When a chord changes in pitch, you’ll hear a subtle change in frequency between the chords in a specific key. The reason is that the ear uses a mathematical relationship in determining what the tone of a scale, chord, or other frequency response should be.
The scale itself is frequency-dependent, which means that you can learn a different chord in a specific key by changing the frequency of the scale’s note.
However, if you learn a new scale by hearing it in a specific key, you won’t be able to play it in the same key because the scale will sound different.
In practice, most of us can play a note that’s different from our key. But that’s when the problem happens.
What if my key changes?
To get a true and accurate assessment of the sound of any scale or chord, start with the most popular scales and chords in your key.
As a general rule, you learn the scales or chords in keys where you practice and play the most.
This means that if you’re playing in your major key, you’ll need to make sure you use scales and chords from the major scale key, since the major scale is the major chord, and we’re looking to find the perfect chords in that key to use when playing an overtone major scale.
If you’re practicing with an untyped instrument, you’ll need to use a scale and/or chord from a chord that’s already on the instrument’s key.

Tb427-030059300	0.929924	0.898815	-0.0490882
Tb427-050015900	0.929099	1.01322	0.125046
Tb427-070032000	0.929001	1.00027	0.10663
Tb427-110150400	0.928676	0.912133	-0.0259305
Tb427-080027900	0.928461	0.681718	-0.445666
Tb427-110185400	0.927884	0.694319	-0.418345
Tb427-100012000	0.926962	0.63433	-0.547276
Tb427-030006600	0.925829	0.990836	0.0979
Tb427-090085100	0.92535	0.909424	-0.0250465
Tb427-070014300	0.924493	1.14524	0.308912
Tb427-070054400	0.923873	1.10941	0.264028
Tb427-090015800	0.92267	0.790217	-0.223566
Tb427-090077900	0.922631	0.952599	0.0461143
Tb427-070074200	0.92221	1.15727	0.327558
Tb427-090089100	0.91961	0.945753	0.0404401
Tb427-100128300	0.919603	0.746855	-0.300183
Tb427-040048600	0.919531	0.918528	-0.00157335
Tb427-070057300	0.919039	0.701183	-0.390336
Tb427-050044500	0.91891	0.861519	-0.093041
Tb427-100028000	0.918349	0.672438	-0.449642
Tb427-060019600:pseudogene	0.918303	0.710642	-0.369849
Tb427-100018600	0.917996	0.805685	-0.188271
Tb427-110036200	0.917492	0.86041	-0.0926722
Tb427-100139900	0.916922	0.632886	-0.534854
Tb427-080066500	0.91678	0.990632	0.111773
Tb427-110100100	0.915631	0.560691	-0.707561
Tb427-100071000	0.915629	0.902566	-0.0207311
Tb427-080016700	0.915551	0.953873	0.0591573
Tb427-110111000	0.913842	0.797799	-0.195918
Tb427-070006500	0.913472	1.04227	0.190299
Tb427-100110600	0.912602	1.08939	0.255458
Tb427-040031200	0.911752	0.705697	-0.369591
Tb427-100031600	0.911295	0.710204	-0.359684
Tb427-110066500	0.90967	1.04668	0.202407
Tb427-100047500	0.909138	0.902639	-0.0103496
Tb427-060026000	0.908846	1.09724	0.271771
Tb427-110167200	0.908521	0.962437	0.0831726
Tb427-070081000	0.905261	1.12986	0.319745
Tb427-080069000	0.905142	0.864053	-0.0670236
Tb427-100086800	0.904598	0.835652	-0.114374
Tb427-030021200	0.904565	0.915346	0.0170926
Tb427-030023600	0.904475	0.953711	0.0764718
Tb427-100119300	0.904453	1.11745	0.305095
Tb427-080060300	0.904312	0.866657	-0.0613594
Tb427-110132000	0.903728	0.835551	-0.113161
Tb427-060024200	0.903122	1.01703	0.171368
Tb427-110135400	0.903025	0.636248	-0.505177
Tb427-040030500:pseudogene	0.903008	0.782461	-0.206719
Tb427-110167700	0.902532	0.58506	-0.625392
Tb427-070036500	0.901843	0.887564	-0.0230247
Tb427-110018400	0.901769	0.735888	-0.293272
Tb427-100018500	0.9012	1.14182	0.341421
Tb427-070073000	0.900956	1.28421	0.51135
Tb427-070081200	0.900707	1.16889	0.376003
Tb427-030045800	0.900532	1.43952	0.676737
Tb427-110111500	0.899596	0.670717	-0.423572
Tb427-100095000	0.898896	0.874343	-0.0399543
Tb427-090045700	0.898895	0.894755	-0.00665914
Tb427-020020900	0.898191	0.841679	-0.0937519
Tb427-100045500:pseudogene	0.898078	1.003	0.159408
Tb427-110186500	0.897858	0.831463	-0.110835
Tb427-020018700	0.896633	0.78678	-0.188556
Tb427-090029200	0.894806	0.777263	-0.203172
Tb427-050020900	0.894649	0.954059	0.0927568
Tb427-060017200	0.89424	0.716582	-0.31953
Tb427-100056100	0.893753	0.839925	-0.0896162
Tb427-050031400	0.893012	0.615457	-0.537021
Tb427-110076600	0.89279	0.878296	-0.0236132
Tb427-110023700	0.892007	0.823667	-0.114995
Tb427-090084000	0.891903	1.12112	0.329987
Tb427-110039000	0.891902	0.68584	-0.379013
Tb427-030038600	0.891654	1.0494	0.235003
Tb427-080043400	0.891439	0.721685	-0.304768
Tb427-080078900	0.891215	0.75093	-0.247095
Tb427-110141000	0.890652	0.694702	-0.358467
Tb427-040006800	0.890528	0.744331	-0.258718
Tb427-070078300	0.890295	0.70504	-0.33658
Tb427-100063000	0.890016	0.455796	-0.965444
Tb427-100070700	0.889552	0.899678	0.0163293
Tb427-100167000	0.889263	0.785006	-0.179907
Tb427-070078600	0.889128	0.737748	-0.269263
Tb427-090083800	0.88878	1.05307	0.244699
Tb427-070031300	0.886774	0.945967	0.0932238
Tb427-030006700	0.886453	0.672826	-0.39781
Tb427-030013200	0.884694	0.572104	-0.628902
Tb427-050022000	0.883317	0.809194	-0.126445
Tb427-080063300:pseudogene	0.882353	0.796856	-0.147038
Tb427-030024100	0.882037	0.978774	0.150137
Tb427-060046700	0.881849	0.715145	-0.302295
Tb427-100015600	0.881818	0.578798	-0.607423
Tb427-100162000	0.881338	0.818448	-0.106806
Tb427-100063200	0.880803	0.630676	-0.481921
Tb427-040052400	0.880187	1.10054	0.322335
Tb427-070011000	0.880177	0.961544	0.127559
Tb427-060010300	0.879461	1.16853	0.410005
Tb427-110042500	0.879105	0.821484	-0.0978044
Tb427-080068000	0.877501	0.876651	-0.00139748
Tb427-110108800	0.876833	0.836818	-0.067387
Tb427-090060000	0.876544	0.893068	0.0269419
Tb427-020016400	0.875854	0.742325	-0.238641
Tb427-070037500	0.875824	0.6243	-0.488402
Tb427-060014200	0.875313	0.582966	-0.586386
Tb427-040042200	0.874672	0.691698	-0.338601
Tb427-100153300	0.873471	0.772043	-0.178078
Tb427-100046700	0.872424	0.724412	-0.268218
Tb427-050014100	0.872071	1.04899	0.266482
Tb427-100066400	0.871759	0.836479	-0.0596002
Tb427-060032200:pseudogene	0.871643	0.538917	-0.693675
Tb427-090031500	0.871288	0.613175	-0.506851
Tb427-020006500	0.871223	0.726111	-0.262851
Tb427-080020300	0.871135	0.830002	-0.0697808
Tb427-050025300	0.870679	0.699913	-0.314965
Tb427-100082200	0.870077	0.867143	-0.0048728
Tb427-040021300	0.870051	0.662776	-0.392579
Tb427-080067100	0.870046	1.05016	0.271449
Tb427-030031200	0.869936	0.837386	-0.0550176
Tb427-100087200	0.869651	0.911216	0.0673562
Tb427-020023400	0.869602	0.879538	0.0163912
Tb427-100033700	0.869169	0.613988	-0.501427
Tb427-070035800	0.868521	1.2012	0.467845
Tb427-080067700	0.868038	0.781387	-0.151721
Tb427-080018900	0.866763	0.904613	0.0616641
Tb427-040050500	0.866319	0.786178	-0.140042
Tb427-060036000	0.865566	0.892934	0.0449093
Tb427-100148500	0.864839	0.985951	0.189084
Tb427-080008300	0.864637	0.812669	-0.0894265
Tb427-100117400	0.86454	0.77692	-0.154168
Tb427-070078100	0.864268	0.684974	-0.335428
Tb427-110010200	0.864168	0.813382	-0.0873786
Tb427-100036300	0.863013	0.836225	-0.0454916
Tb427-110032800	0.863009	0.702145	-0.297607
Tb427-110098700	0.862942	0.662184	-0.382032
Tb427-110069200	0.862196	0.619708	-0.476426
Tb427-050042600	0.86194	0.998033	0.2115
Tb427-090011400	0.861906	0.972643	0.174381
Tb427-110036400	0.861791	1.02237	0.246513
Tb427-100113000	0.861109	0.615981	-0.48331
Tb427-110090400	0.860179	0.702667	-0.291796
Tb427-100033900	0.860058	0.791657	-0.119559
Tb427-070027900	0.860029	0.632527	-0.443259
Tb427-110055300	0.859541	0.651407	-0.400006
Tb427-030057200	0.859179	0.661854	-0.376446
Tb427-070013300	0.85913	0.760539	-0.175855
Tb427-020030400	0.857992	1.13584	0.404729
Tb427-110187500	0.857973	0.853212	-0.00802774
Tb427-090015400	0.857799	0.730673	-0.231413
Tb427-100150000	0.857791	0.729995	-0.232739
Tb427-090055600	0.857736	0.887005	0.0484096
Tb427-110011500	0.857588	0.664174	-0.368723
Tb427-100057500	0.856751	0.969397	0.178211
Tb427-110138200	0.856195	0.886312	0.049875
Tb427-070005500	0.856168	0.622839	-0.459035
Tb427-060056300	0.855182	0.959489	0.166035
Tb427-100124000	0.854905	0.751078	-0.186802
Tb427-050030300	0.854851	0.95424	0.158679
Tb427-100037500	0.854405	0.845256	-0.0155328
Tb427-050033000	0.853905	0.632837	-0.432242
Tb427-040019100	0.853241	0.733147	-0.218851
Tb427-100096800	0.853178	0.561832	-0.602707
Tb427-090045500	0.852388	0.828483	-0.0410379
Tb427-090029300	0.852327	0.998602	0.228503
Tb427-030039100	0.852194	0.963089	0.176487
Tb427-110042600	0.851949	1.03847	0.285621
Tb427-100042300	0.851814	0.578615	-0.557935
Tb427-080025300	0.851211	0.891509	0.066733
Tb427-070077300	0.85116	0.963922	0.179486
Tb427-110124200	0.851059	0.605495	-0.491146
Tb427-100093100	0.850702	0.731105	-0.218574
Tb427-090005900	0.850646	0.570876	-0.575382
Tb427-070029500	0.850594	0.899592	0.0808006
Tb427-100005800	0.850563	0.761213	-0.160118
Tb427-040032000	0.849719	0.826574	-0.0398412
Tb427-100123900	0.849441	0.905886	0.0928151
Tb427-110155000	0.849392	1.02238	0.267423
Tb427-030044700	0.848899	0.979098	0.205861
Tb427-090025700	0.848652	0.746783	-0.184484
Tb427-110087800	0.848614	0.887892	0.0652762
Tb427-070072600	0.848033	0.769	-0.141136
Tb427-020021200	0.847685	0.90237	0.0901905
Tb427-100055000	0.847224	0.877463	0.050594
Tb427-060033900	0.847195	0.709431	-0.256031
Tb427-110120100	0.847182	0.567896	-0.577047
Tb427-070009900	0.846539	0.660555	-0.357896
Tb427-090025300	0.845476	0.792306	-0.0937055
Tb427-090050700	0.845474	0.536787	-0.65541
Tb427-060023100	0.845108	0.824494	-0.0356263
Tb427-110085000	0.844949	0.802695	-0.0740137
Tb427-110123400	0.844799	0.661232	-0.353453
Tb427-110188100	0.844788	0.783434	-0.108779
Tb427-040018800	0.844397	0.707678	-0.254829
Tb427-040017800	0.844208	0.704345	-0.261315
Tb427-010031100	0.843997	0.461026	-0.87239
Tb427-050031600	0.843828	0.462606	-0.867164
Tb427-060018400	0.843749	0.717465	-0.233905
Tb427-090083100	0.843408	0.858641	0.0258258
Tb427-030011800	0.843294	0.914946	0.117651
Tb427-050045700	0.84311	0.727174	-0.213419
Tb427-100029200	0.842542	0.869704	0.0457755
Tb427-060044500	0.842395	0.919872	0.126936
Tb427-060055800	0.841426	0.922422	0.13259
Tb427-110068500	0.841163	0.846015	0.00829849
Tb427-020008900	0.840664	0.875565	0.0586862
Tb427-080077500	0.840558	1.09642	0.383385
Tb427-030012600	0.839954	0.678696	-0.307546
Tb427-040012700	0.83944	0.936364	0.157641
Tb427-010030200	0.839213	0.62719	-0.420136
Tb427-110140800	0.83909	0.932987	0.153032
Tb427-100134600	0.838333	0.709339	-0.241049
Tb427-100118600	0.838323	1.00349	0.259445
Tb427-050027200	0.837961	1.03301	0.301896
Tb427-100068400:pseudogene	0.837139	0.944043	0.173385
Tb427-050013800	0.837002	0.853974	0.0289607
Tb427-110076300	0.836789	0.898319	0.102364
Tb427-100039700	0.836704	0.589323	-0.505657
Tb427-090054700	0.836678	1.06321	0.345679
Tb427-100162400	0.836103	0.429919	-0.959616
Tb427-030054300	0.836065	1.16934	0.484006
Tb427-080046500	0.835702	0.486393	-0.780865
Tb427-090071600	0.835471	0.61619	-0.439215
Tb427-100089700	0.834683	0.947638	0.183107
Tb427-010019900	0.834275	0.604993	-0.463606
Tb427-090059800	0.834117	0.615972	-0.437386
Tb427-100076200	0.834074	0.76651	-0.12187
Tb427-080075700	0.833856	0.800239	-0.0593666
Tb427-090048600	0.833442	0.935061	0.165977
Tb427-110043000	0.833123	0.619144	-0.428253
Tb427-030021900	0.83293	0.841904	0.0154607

We can see this in the guitar chord chart above, where all five notes from each key are shown and each of them is a distinct shape of note.
The reason is that when we learn a new scale, major scale, or chord, the scale isn’t always exactly where we need it to be. So it’s essential to know where and how to use the scales and chords we’re learning.
So how do we apply this to our learning process?
This is a great example of how important it is to understand your chord progression or scale.
By listening to the progression above, you’ll notice how different chord changes can change the chord tone.
The most obvious change is when we switch to a minor key in the progression. Then we hear the first two chords change to major chords, and the third chord change to dominant chord.
The following chords provide a good foundation for the major and minor scales:
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